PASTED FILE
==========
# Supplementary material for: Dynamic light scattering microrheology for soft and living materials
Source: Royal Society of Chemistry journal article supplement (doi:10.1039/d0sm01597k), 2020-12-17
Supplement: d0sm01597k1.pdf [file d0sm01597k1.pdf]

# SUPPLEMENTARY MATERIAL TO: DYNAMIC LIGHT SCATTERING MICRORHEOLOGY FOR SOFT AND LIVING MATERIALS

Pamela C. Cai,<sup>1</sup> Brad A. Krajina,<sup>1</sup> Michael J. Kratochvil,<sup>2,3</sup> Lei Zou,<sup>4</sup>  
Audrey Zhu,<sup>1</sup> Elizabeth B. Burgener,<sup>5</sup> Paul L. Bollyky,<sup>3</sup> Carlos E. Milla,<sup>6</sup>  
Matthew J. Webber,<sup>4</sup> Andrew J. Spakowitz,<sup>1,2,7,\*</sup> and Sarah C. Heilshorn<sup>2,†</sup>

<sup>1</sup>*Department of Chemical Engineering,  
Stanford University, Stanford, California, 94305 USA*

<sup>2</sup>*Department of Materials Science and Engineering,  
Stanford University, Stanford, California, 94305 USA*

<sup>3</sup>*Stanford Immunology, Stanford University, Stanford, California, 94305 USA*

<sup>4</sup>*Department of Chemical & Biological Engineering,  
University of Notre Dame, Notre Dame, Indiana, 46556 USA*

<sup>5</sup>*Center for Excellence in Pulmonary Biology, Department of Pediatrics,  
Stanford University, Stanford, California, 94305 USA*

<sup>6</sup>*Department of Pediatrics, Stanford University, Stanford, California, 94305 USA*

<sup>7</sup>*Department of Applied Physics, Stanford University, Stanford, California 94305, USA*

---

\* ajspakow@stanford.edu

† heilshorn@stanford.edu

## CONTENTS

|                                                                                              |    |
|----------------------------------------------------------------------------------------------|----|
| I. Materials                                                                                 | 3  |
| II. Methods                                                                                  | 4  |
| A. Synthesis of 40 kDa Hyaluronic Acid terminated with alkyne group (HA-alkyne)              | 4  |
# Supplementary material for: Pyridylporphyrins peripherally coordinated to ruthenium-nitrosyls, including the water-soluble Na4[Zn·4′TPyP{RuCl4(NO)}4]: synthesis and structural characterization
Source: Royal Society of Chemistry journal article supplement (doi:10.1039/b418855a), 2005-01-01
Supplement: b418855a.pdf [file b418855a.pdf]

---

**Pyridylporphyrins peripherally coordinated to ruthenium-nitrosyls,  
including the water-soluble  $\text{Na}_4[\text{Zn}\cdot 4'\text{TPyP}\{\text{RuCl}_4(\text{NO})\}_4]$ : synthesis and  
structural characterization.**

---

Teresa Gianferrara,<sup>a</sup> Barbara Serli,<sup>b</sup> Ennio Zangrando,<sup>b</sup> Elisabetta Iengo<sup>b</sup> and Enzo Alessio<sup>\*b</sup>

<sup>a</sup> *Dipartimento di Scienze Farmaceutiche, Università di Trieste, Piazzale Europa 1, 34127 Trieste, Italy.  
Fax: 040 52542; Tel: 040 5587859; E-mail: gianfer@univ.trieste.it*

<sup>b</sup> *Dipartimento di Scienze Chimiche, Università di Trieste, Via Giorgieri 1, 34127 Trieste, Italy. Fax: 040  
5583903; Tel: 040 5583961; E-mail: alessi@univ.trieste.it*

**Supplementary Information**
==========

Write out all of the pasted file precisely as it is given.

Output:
# Supplementary material for: Dynamic light scattering microrheology for soft and living materials
Source: Royal Society of Chemistry journal article supplement (doi:10.1039/d0sm01597k), 2020-12-17
Supplement: d0sm01597k1.pdf [file d0sm01597k1.pdf]

# SUPPLEMENTARY MATERIAL TO: DYNAMIC LIGHT SCATTERING MICRORHEOLOGY FOR SOFT AND LIVING MATERIALS

Pamela C. Cai,<sup>1</sup> Brad A. Krajina,<sup>1</sup> Michael J. Kratochvil,<sup>2,3</sup> Lei Zou,<sup>4</sup>  
Audrey Zhu,<sup>1</sup> Elizabeth B. Burgener,<sup>5</sup> Paul L. Bollyky,<sup>3</sup> Carlos E. Milla,<sup>6</sup>  
Matthew J. Webber,<sup>4</sup> Andrew J. Spakowitz,<sup>1,2,7,\*</sup> and Sarah C. Heilshorn<sup>2,†</sup>

<sup>1</sup>*Department of Chemical Engineering,  
Stanford University, Stanford, California, 94305 USA*

<sup>2</sup>*Department of Materials Science and Engineering,  
Stanford University, Stanford, California, 94305 USA*

<sup>3</sup>*Stanford Immunology, Stanford University, Stanford, California, 94305 USA*

<sup>4</sup>*Department of Chemical & Biological Engineering,  
University of Notre Dame, Notre Dame, Indiana, 46556 USA*

<sup>5</sup>*Center for Excellence in Pulmonary Biology, Department of Pediatrics,  
Stanford University, Stanford, California, 94305 USA*

<sup>6</sup>*Department of Pediatrics, Stanford University, Stanford, California, 94305 USA*

<sup>7</sup>*Department of Applied Physics, Stanford University, Stanford, California 94305, USA*

---

\* ajspakow@stanford.edu

† heilshorn@stanford.edu

## CONTENTS

|                                                                                              |    |
|----------------------------------------------------------------------------------------------|----|
| I. Materials                                                                                 | 3  |
| II. Methods                                                                                  | 4  |
| A. Synthesis of 40 kDa Hyaluronic Acid terminated with alkyne group (HA-alkyne)              | 4  |
# Supplementary material for: Pyridylporphyrins peripherally coordinated to ruthenium-nitrosyls, including the water-soluble Na4[Zn·4′TPyP{RuCl4(NO)}4]: synthesis and structural characterization
Source: Royal Society of Chemistry journal article supplement (doi:10.1039/b418855a), 2005-01-01
Supplement: b418855a.pdf [file b418855a.pdf]

---

**Pyridylporphyrins peripherally coordinated to ruthenium-nitrosyls,  
including the water-soluble  $\text{Na}_4[\text{Zn}\cdot 4'\text{TPyP}\{\text{RuCl}_4(\text{NO})\}_4]$ : synthesis and  
structural characterization.**

---

Teresa Gianferrara,<sup>a</sup> Barbara Serli,<sup>b</sup> Ennio Zangrando,<sup>b</sup> Elisabetta Iengo<sup>b</sup> and Enzo Alessio<sup>\*b</sup>

<sup>a</sup> *Dipartimento di Scienze Farmaceutiche, Università di Trieste, Piazzale Europa 1, 34127 Trieste, Italy.  
Fax: 040 52542; Tel: 040 5587859; E-mail: gianfer@univ.trieste.it*

<sup>b</sup> *Dipartimento di Scienze Chimiche, Università di Trieste, Via Giorgieri 1, 34127 Trieste, Italy. Fax: 040  
5583903; Tel: 040 5583961; E-mail: alessi@univ.trieste.it*

**Supplementary Information**